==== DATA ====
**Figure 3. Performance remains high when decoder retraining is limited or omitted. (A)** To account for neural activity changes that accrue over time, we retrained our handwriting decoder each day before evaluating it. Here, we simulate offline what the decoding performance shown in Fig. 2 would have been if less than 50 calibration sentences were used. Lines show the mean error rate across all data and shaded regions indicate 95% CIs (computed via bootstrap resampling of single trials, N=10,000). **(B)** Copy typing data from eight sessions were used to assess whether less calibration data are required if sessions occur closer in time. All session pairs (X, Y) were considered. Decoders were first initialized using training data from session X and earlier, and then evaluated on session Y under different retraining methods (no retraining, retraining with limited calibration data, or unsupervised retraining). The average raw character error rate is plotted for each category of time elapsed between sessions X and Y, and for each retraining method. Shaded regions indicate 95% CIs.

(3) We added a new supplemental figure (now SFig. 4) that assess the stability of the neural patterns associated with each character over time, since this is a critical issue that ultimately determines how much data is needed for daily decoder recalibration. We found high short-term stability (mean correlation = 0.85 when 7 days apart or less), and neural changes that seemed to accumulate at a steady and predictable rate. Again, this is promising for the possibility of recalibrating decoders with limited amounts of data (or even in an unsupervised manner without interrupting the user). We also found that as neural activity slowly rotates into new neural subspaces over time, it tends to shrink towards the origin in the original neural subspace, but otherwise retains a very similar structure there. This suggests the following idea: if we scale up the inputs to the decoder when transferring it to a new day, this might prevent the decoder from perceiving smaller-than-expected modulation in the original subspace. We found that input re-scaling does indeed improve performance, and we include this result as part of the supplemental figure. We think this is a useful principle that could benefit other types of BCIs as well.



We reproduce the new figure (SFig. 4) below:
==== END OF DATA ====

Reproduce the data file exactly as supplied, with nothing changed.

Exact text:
**Figure 3. Performance remains high when decoder retraining is limited or omitted. (A)** To account for neural activity changes that accrue over time, we retrained our handwriting decoder each day before evaluating it. Here, we simulate offline what the decoding performance shown in Fig. 2 would have been if less than 50 calibration sentences were used. Lines show the mean error rate across all data and shaded regions indicate 95% CIs (computed via bootstrap resampling of single trials, N=10,000). **(B)** Copy typing data from eight sessions were used to assess whether less calibration data are required if sessions occur closer in time. All session pairs (X, Y) were considered. Decoders were first initialized using training data from session X and earlier, and then evaluated on session Y under different retraining methods (no retraining, retraining with limited calibration data, or unsupervised retraining). The average raw character error rate is plotted for each category of time elapsed between sessions X and Y, and for each retraining method. Shaded regions indicate 95% CIs.

(3) We added a new supplemental figure (now SFig. 4) that assess the stability of the neural patterns associated with each character over time, since this is a critical issue that ultimately determines how much data is needed for daily decoder recalibration. We found high short-term stability (mean correlation = 0.85 when 7 days apart or less), and neural changes that seemed to accumulate at a steady and predictable rate. Again, this is promising for the possibility of recalibrating decoders with limited amounts of data (or even in an unsupervised manner without interrupting the user). We also found that as neural activity slowly rotates into new neural subspaces over time, it tends to shrink towards the origin in the original neural subspace, but otherwise retains a very similar structure there. This suggests the following idea: if we scale up the inputs to the decoder when transferring it to a new day, this might prevent the decoder from perceiving smaller-than-expected modulation in the original subspace. We found that input re-scaling does indeed improve performance, and we include this result as part of the supplemental figure. We think this is a useful principle that could benefit other types of BCIs as well.



We reproduce the new figure (SFig. 4) below: